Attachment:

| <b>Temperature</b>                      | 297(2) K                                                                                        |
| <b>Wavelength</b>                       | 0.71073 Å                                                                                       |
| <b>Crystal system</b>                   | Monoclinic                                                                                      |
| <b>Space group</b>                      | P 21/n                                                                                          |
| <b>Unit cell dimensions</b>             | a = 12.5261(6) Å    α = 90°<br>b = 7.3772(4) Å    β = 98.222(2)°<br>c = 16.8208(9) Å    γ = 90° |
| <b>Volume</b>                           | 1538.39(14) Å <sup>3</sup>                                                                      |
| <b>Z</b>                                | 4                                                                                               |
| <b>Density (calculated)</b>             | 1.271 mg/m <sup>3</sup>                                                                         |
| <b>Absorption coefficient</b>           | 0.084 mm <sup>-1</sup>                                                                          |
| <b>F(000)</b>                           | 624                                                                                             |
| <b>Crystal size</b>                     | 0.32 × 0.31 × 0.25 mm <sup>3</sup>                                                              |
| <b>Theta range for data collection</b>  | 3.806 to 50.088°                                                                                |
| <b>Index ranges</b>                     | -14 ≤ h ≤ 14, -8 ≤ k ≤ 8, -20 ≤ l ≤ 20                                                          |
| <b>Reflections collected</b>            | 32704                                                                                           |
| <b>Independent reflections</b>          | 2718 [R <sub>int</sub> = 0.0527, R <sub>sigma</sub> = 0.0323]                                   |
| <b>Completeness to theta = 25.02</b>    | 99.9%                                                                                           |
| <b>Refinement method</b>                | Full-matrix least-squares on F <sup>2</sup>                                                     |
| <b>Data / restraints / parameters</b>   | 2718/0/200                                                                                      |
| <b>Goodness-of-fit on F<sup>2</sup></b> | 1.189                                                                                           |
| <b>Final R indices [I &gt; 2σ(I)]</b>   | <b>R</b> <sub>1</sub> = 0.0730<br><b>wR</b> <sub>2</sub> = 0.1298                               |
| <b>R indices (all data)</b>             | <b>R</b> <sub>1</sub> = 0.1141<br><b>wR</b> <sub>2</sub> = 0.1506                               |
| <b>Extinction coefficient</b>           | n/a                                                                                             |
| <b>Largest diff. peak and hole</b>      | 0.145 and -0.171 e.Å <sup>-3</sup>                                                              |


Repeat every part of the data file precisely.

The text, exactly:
| <b>Temperature</b>                      | 297(2) K                                                                                        |
| <b>Wavelength</b>                       | 0.71073 Å                                                                                       |
| <b>Crystal system</b>                   | Monoclinic                                                                                      |
| <b>Space group</b>                      | P 21/n                                                                                          |
| <b>Unit cell dimensions</b>             | a = 12.5261(6) Å    α = 90°<br>b = 7.3772(4) Å    β = 98.222(2)°<br>c = 16.8208(9) Å    γ = 90° |
| <b>Volume</b>                           | 1538.39(14) Å <sup>3</sup>                                                                      |
| <b>Z</b>                                | 4                                                                                               |
| <b>Density (calculated)</b>             | 1.271 mg/m <sup>3</sup>                                                                         |
| <b>Absorption coefficient</b>           | 0.084 mm <sup>-1</sup>                                                                          |
| <b>F(000)</b>                           | 624                                                                                             |
| <b>Crystal size</b>                     | 0.32 × 0.31 × 0.25 mm <sup>3</sup>                                                              |
| <b>Theta range for data collection</b>  | 3.806 to 50.088°                                                                                |
| <b>Index ranges</b>                     | -14 ≤ h ≤ 14, -8 ≤ k ≤ 8, -20 ≤ l ≤ 20                                                          |
| <b>Reflections collected</b>            | 32704                                                                                           |
| <b>Independent reflections</b>          | 2718 [R <sub>int</sub> = 0.0527, R <sub>sigma</sub> = 0.0323]                                   |
| <b>Completeness to theta = 25.02</b>    | 99.9%                                                                                           |
| <b>Refinement method</b>                | Full-matrix least-squares on F <sup>2</sup>                                                     |
| <b>Data / restraints / parameters</b>   | 2718/0/200                                                                                      |
| <b>Goodness-of-fit on F<sup>2</sup></b> | 1.189                                                                                           |
| <b>Final R indices [I &gt; 2σ(I)]</b>   | <b>R</b> <sub>1</sub> = 0.0730<br><b>wR</b> <sub>2</sub> = 0.1298                               |
| <b>R indices (all data)</b>             | <b>R</b> <sub>1</sub> = 0.1141<br><b>wR</b> <sub>2</sub> = 0.1506                               |
| <b>Extinction coefficient</b>           | n/a                                                                                             |
| <b>Largest diff. peak and hole</b>      | 0.145 and -0.171 e.Å <sup>-3</sup>                                                              |